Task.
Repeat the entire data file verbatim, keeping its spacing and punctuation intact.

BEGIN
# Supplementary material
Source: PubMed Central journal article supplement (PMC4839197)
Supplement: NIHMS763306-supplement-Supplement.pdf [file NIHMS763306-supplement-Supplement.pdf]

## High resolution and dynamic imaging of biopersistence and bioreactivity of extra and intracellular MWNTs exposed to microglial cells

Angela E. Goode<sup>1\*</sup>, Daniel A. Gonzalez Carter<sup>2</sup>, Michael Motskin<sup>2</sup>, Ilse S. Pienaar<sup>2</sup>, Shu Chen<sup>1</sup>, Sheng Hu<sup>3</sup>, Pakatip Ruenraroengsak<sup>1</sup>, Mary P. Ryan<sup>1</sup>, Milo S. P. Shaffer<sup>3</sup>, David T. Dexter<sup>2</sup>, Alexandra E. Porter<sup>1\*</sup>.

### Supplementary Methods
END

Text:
# Supplementary material
Source: PubMed Central journal article supplement (PMC4839197)
Supplement: NIHMS763306-supplement-Supplement.pdf [file NIHMS763306-supplement-Supplement.pdf]

## High resolution and dynamic imaging of biopersistence and bioreactivity of extra and intracellular MWNTs exposed to microglial cells

Angela E. Goode<sup>1\*</sup>, Daniel A. Gonzalez Carter<sup>2</sup>, Michael Motskin<sup>2</sup>, Ilse S. Pienaar<sup>2</sup>, Shu Chen<sup>1</sup>, Sheng Hu<sup>3</sup>, Pakatip Ruenraroengsak<sup>1</sup>, Mary P. Ryan<sup>1</sup>, Milo S. P. Shaffer<sup>3</sup>, David T. Dexter<sup>2</sup>, Alexandra E. Porter<sup>1\*</sup>.

### Supplementary Methods